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NavSource Online: Amphibious Photo Archive


LST-304 was transferred to the United Kingdom for the duration of World War II
LST-1 Class Tank Landing Ship
  • Laid down, 3 July 1942, at Boston Navy Yard, Boston, MA.
  • Launched, 21 September 1942
  • LST-304 saw no active service with the US Navy
  • Transferred to the United Kingdom, 30 November 1942
  • Royal Navy History
  • Commissioned into the Royal Navy as HM LST-304, 30 November 1942
  • Sailed from New York, 27 January 1943 as part of the 1st Flotilla for Mediterranean duty via Bermuda
  • During World War II HM LST-304 was assigned to the European Theater and participated in the following campaigns:
    Sicilian occupation
    Salerno landings
    West Coast of Italy operations-1944 - Anzio-Nettuno advanced landings
    Invasion of Normandy
  • Operated as part of shuttle service between Tilbury, Ostend and Antwerp
  • Collided with blockship at Ostend, October 1944, badly holed
  • Sailed to take part in invasion of Malaya but orders changed, instead sailed from Trincomalee as part of a special force for Hong Kong (believed to be Operation 'Tiderace')
  • Paid off, possibly at Singapore, 19 February 1946
  • Returned to United States Navy custody, 29 November 1946
  • Struck from the Naval Register, 1 August 1947
  • Sold for conversion to merchant service, 7 October 1947, to Tung Hwa Trading Co., Singapore
  • Final Disposition, fate unknown
    1,625 t.(lt)
    4,080 t.(fl) (sea-going draft w/1675 ton load)
    2,366 t. (beaching displacement)
    Length 328' o.a.
    Beam 50'
    light 2' 4" fwd, 7' 6" aft
    sea-going 8' 3" fwd, 14' 1" aft
    landing 3' 11" fwd, 9' 10" aft (landing w/500 ton load)
    limiting 11' 2"
    maximum navigation 14' 1"
    Speed 11.6 kts. (trial)
    Endurance 24,000 miles @ 9kts. while displacing 3960 tons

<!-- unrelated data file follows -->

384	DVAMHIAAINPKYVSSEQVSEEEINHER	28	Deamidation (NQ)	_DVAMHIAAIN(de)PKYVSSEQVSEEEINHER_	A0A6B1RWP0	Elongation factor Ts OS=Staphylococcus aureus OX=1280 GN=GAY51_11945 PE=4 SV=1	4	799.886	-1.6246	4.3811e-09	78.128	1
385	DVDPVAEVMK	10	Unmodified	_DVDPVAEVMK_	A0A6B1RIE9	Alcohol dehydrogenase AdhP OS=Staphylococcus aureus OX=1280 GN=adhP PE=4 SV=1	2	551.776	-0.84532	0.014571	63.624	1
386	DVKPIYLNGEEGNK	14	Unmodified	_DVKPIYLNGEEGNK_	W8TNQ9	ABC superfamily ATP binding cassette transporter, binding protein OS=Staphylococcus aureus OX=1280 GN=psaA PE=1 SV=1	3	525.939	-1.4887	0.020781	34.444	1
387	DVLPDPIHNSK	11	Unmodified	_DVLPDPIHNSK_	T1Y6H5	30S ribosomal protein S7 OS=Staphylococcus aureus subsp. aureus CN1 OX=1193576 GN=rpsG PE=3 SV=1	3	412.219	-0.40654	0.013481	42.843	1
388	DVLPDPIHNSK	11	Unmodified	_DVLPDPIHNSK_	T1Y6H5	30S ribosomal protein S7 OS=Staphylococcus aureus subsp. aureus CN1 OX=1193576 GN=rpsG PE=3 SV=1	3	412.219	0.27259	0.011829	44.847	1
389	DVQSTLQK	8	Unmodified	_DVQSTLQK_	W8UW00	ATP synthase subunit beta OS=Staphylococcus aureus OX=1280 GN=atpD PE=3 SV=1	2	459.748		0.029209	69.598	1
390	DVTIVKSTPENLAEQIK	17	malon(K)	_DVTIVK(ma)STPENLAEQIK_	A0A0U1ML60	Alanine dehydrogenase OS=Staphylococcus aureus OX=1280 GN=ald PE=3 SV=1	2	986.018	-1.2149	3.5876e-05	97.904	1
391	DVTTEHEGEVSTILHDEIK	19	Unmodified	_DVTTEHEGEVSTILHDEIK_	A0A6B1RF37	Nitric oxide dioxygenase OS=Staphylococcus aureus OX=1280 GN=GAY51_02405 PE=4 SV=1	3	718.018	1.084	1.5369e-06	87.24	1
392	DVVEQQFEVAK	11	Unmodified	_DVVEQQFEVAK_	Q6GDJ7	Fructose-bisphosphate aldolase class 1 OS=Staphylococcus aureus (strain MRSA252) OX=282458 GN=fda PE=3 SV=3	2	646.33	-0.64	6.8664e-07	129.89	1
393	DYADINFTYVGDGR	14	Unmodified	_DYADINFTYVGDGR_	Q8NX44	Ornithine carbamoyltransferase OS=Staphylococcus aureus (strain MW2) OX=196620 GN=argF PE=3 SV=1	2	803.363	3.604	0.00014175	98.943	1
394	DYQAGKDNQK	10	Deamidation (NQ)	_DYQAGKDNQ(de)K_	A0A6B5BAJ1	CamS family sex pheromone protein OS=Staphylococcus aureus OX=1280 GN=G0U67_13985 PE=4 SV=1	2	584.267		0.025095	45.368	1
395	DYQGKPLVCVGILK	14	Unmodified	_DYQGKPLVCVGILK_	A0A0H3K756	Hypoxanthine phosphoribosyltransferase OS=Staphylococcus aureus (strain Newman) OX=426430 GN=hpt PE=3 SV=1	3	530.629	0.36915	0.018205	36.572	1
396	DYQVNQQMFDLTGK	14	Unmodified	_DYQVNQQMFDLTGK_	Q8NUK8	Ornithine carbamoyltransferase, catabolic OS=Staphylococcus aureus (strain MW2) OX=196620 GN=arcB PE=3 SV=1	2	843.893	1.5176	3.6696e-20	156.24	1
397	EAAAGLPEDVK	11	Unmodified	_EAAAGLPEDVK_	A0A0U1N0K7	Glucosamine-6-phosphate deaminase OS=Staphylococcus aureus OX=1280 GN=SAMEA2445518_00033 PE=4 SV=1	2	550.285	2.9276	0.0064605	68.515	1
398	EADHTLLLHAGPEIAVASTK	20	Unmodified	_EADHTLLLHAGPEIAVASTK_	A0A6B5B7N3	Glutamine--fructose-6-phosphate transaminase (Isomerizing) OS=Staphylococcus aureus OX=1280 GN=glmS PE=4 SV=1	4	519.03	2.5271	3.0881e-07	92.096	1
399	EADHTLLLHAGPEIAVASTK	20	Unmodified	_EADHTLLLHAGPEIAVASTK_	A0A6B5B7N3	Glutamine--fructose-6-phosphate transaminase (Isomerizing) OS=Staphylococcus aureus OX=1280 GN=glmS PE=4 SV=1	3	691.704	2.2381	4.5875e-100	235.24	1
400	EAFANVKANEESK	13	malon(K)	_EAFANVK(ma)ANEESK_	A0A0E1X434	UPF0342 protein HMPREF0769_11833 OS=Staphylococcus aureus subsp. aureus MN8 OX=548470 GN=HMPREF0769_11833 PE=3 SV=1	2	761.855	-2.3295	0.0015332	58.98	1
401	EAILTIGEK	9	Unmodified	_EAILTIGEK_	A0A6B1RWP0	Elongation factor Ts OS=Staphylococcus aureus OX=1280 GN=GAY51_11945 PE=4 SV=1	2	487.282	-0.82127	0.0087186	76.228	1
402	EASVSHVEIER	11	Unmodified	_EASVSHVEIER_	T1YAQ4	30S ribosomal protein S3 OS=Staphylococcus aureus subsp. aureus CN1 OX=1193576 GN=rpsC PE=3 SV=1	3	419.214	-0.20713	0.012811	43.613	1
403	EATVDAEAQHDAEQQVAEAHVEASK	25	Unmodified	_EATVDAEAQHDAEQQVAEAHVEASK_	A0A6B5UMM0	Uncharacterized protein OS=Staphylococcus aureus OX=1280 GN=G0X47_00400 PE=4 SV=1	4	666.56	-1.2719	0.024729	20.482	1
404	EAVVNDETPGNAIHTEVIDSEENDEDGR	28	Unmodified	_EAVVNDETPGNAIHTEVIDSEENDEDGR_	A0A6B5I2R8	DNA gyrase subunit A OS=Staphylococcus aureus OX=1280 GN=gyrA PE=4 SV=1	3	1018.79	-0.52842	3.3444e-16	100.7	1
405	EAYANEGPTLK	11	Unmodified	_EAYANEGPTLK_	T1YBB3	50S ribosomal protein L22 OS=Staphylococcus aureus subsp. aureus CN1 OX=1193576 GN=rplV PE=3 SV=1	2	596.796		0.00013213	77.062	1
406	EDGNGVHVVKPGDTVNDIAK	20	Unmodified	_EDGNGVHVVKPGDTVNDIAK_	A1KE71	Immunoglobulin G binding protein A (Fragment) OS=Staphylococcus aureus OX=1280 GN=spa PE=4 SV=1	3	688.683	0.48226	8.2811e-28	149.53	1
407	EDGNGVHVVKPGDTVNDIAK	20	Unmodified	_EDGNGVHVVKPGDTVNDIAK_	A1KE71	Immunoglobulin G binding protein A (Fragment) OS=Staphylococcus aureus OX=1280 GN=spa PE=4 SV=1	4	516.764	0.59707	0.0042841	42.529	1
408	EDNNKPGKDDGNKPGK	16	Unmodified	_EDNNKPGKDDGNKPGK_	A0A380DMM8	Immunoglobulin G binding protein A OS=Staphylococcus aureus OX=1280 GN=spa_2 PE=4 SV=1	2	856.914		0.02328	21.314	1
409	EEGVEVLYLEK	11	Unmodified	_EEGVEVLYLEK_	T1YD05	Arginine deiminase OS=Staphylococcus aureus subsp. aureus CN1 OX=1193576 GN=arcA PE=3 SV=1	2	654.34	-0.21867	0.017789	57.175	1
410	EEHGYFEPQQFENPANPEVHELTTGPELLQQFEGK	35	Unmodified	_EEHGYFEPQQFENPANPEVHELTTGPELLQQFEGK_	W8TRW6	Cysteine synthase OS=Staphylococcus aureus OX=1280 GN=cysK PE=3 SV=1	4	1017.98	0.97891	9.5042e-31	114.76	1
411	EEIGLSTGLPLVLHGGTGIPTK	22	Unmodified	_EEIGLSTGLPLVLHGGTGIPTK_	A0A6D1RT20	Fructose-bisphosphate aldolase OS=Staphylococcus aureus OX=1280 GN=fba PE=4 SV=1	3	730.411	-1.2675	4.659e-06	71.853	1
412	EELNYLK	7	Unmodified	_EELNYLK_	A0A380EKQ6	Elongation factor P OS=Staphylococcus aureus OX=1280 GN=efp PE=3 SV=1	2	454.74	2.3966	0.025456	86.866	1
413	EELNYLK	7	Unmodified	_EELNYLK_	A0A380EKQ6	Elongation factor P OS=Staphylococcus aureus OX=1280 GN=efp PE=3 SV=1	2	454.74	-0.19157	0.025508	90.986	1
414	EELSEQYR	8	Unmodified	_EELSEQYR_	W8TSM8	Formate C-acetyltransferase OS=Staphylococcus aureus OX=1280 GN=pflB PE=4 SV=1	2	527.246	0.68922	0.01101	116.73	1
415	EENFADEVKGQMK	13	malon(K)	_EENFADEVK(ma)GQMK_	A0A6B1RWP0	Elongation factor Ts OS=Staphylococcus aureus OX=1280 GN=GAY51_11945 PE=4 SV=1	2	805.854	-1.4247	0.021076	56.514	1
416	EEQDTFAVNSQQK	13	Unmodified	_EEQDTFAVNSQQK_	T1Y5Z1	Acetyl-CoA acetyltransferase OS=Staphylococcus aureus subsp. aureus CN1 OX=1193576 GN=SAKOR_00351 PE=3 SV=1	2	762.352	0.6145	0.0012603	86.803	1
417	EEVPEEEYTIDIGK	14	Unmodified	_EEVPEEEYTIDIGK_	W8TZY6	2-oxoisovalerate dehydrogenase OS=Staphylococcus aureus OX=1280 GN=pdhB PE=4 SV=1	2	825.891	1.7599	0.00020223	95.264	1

13 officers
    104 enlisted
    Troop Accommodations
    16 officers
    147 enlisted
    Boats 2 LCVP
    Cargo Capacity (varied with mission - payloads between 1600 and 1900 tons)
    Typical loads
    One Landing Craft Tank (LCT), tanks, wheeled and tracked vehicles, artillery, construction equipment and military supplies. A ramp or elevator forward allowed vehicles access to tank deck from main deck
    Additional capacity included sectional pontoons carried on each side of vessel amidships, to either build Rhino Barges or use as causeways. Married to the bow ramp, the causeways would enabled payloads to be delivered ashore from deeper water or where a beachhead would not allow the vessel to be grounded forward after ballasting
    Armament - US Varied with availability when each vessel was outfitted. Retro-fitting was accomplished throughout WWII. The ultimate armament design for United States vessels was
    two - Twin 40MM gun mounts w/Mk. 51 directors
    four - Single 40MM gun mounts
    twelve single 20MM gun mounts
    Armament - UK Lend Lease built vessels were to be outfitted with armament after convoying across Atlantic and included
    one - 12 Pounder anti-aircraft multi-barrel mount
    six - 20MM single gun mounts
    four - Fast Aerial Mine (FAM) mounts
    Fuel Capacity
    Diesel 4,300 Bbls
    two General Motors 12-567A, 900hp Diesel engines
    single Falk Main Reduction Gears
    three Diesel-drive 100Kw 230V D.C. Ship's Service Generators
    two propellers, 1,700shp
    twin rudders

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    Size Image Description Source
    LST-304 64k HM LST-304 high and dry on the beach at Normandy, June 1944. Robert Hurst
    LST-505 75k HM LST-304 high and dry on the beach at Normandy, June 1944. Note her kedge anchor cable extend. In the background is the high and dry US LST-505. Robert Hurst
    LST-304 120k HM LST-304 underway in 1945. HM LST-304 sailed as part of the first convoy to Hong Kong following the Japanese surrender.
    Photo taken by Sgt R. Watson, No 9 Army Film & Photographic Unit. Photo No. SE 4950 from the collections of the Imperial War Museums. Part of the War Office, Central Office of Information and American Second World War Official Collection.
    Robert Hurst

    Dictionary of American Naval Fighting Ships (DANFS)
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    This page is created and maintained by Gary P. Priolo
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    Last Updated 31 October 2014